Players are world-renowned interpreters of great choral and instrumental repertoire from the Renaissance to the present day. Their performances encompass major works from the oratorio tradition, virtuosic a cappella programmes and mould-breaking reconstructions of music for historical events. They are regular visitors to the world’s most prestigious concert halls, and their recordings have garnered numerous international awards. Paul McCreesh leads a fine cast of Baroque soloists: Romina Basso, Renata Pokupic, Jeremy Ovenden and Rebecca Bottone (to be confirmed). Created in the 1640s, the hall was highly influential in European palace architecture, though few imitations achieved such grandeur and richness of effect with its giant Corinthian columns, dramatic ceiling fresco and close-hung easel pictures.

w w w. m a r t i n r a n d a l l . c o m


The Speakers The Concerto Grosso in Rome Accademia Bizantina Palazzo della Cancelleria

The concerto grosso, developed in the late seventeenth century, is a Baroque form in which the music is passed between a small group of soloists and a full orchestra. Arcangelo Corelli was the first major exponent of the form and a collection of his concerti grossi published after his death was of widespread influence. This concert puts Corelli’s works in the context of those who preceded and followed him. Accademia Bizantina, founded in 1983, is one of the world’s leading period ensembles, celebrated for their colourful interpretation of seventeenth and eighteenth-century Italian music. In this concert they are conducted by founding member, violinist and violist Alessandro Tampieri, among Italy’s most distinguished Baroque musicians. Begun in 1485, the imposing Palazzo della Cancelleria is the masterpiece of Early Renaissance architecture in Rome. The Hall of a Hundred Days was decorated by Vasari in 1546. The original patron was a nephew of Pope Sixtus IV but it was confiscated by Pope Leo X and became the papal chancery. It remains Vatican property.

John Bryan is Professor of Music and Head of Music and Drama at the University of Huddersfield and a contributor to BBC Radio 3’s early music programmes. He introduces the music in four morning lectures in a seventeenthcentury oratory. Dr Michael Douglas-Scott discusses urban renewal in Renaissance Rome. Associate lecturer in History of Art at Birkbeck College, specialising in sixteenth-century Italian art and architecture, he has lectured widely for the V&A and the Art Fund as well as for MRT. Dr Helen Langdon talks on Caravaggio in Rome. Author of several books, including The Gallery Goers Guide, Claude Lorrain, Holbein, and Caravaggio: a Life, the best book on the artist, she has been Assistant Director at the British School in Rome and is now a Research Fellow there.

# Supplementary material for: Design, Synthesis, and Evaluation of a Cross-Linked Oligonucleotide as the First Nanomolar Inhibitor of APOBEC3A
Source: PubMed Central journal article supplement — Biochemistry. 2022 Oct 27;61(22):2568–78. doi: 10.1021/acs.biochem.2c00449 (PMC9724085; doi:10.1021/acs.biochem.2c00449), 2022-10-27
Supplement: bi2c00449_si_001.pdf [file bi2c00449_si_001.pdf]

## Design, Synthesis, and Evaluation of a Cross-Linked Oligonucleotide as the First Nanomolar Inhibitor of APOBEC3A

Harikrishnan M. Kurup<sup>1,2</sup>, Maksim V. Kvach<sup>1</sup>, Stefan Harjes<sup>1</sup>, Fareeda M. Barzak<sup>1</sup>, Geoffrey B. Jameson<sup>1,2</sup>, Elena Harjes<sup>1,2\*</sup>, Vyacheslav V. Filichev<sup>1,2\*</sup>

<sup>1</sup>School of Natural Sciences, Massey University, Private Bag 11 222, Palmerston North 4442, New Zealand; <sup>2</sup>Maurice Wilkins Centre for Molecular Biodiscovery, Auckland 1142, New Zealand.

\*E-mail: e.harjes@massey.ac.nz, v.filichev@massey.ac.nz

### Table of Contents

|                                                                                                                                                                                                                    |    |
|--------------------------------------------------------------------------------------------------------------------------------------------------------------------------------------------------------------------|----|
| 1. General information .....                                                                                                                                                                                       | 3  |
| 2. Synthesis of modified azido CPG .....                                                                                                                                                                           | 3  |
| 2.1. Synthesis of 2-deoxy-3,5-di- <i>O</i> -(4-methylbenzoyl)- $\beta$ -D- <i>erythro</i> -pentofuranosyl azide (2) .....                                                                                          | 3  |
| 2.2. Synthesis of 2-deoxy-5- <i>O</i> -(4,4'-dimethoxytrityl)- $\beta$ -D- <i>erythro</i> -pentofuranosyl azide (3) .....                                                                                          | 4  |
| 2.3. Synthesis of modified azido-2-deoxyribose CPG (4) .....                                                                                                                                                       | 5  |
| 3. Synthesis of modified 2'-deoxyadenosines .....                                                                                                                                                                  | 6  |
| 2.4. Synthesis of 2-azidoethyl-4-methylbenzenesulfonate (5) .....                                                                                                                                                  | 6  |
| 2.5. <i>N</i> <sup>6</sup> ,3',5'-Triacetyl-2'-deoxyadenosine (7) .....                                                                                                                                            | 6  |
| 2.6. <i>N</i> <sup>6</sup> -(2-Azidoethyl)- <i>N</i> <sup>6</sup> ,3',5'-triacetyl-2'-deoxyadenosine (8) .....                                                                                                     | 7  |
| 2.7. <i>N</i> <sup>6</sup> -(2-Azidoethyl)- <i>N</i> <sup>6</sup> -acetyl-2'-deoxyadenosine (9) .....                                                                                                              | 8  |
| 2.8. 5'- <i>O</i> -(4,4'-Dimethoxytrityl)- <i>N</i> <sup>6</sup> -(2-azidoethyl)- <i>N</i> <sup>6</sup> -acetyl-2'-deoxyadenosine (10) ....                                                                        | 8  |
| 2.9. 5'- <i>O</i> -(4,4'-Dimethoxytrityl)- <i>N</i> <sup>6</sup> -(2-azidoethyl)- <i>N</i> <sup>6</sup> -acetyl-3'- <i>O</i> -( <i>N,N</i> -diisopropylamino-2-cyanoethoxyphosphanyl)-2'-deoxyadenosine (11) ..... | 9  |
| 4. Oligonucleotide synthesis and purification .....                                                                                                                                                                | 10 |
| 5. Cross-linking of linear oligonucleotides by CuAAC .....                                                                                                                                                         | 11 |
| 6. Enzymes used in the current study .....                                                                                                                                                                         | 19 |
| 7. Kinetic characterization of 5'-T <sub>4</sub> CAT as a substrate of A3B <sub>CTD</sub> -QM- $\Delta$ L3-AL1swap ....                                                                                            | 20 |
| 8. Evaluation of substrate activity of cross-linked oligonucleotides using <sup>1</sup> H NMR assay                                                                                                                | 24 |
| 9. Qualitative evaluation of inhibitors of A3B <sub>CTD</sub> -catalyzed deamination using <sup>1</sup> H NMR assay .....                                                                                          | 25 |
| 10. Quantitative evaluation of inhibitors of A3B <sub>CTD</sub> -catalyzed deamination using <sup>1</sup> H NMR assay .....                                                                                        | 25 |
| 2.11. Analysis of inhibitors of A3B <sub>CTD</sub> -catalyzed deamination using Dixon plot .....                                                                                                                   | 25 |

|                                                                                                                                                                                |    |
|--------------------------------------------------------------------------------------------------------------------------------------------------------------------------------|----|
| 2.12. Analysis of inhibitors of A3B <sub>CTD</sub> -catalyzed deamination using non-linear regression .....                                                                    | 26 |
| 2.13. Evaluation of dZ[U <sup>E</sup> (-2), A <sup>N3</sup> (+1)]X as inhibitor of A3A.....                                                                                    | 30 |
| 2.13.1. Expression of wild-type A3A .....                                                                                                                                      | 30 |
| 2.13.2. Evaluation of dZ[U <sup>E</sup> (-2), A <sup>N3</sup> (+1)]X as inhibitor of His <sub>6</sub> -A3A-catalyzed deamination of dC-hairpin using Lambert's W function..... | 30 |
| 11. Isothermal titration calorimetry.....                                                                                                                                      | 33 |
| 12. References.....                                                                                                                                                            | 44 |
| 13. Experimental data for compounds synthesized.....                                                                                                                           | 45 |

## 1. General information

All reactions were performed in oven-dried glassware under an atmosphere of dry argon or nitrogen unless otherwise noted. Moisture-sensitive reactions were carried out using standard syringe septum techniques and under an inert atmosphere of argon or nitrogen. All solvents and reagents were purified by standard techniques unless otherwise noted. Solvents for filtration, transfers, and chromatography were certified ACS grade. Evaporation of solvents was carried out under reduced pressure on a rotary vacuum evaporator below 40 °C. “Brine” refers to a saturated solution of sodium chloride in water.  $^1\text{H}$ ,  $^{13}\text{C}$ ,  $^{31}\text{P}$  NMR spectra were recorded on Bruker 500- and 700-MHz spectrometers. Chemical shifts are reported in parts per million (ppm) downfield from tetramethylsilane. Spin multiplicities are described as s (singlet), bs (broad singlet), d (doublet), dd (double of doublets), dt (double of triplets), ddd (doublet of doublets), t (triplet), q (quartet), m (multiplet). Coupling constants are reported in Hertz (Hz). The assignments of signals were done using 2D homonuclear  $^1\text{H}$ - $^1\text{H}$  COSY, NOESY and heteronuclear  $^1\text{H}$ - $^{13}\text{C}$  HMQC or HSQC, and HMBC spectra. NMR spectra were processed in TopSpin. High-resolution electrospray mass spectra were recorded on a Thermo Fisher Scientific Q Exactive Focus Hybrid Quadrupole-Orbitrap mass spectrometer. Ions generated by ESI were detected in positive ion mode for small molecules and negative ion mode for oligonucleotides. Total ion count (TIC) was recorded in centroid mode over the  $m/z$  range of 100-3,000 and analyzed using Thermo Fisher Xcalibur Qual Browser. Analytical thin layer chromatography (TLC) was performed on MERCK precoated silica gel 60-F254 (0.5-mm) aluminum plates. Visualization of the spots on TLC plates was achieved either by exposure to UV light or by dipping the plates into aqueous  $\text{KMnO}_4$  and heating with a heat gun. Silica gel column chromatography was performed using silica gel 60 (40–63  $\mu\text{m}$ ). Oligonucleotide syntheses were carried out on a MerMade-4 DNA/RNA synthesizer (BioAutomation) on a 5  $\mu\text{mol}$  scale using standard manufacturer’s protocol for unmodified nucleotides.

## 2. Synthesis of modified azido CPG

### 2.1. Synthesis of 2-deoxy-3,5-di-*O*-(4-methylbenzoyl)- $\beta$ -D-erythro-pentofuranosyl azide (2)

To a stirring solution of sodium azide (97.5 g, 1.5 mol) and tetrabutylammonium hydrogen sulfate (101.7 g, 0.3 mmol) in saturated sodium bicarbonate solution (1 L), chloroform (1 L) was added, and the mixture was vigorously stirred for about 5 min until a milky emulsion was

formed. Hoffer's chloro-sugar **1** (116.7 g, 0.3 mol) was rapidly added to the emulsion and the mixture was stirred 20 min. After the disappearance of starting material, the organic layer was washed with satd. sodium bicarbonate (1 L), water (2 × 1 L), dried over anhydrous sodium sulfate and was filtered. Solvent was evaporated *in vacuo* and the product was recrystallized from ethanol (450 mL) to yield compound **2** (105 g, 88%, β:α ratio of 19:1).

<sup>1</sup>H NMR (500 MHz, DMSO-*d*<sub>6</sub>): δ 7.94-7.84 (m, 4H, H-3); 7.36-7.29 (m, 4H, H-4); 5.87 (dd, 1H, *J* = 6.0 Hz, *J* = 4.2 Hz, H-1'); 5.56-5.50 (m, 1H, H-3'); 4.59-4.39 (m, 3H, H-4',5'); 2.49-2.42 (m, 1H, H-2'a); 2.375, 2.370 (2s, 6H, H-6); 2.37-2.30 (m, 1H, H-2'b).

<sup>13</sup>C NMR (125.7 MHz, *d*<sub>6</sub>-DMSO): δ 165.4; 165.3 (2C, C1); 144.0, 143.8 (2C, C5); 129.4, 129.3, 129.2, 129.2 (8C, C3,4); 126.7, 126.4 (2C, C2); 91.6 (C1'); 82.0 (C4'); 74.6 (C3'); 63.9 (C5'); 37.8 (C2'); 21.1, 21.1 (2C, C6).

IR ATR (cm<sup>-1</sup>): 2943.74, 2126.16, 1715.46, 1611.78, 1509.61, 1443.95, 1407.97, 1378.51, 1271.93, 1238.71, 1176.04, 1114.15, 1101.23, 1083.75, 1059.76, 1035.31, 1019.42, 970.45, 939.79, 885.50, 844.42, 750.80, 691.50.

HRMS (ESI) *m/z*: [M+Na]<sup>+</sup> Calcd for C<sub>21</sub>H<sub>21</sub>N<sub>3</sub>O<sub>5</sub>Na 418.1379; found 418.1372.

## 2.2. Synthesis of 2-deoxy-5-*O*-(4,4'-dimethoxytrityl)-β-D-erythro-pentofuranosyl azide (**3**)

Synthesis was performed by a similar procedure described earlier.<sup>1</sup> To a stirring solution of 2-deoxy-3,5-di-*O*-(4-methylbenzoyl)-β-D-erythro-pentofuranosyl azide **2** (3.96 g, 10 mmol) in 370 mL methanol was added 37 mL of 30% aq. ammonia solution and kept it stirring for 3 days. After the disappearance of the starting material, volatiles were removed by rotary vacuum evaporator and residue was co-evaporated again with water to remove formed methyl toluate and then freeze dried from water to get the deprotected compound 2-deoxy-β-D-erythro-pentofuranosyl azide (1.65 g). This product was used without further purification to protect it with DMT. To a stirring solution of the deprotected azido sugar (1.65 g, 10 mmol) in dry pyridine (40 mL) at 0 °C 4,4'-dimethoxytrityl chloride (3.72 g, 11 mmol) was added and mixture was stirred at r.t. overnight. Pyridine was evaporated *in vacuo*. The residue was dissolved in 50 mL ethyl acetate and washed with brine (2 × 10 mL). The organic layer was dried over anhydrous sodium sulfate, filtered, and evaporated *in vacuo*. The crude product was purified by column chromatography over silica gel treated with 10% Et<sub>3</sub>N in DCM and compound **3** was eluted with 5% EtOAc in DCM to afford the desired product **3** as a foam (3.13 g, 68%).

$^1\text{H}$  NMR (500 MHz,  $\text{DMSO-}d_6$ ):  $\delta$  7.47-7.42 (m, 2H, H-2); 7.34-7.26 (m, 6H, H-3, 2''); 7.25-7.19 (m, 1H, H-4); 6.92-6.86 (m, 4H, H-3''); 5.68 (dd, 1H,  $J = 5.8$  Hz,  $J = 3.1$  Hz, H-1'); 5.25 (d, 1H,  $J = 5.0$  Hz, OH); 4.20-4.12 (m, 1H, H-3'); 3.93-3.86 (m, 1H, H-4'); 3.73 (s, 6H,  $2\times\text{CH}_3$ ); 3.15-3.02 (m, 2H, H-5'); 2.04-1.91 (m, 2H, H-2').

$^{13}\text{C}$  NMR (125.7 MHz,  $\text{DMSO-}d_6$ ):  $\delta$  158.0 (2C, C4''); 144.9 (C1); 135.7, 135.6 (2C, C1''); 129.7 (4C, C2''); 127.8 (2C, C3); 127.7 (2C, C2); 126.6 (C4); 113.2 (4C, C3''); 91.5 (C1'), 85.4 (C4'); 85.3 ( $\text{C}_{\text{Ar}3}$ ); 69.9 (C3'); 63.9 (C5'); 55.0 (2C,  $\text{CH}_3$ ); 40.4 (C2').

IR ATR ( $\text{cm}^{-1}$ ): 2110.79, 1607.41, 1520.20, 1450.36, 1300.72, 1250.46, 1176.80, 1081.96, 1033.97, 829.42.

Christopher Newall looks at the city’s Baroque architecture. A graduate of the Courtauld Institute, he has curated exhibitions in Britain, the USA, Italy, Mexico, Japan, Germany and Spain. He is the author of books on Frederick Leighton, the Grosvenor Gallery and Victorian Watercolours and he organised the 2004 Tate Britain exhibition, Pre-Raphaelite Vision: Truth to Nature. He has lectured for many years on the Baroque in Rome and Sicily. Angus Haldane covers Ancient Rome. He studied Classics at Oxford University with a particular emphasis on Roman history, literature and art. He subsequently studied for a post-graduate degree in Byzantine and Renaissance art at the Courtauld Institute and has taught Greek and Latin and lectured on the ancient world in Italy and in Greece. Also accompanying the festival is Dr Roberto Cobianchi, art historian and lecturer at the University of Messina. He studied at universities in Parma and Milan, completed his PhD at Warwick and has been a Scholar at The British School in Rome­. His research includes iconography and patronage of the Mendicant Orders.

Top to bottom: Accademia Bizantina; Alessandro Tempieri.

Martin Randall Travel

At Martin Randall Travel (MRT) we aim to provide the best planned, best led and altogether the most fulfilling and enjoyable cultural tours available. Within Europe and the Middle East we offer an unsurpassed range of events focusing primarily on art, architecture and music, and also on archaeology, history and gastronomy. MRT has for over two decades led the cultural tours market through incessant innovation and improvement, setting the benchmarks for itinerary planning, operational systems and service standards. There are two kinds of holiday, small-group tours and large-group events. Smallgroup tours, all accompanied by an expert lecturer, have 22 participants or fewer. There are now around two hundred a year in nearly forty countries. Events for between 50 and 300 participants include our famous all-inclusive music festivals, of which there have been about sixty since 1994, and chamber music and literary weekends in the UK.

A F E S TIV A L O F M U S I C I N R O M E

9

Te l e p h o n e 0 2 0 8 7 4 2 3 3 5 5


Travelling to Rome Flights from London to Rome are included in the price of the festival. You can choose to join one of these or make your own flight arrangements (in which case there is a reduction in the price).

Regional airports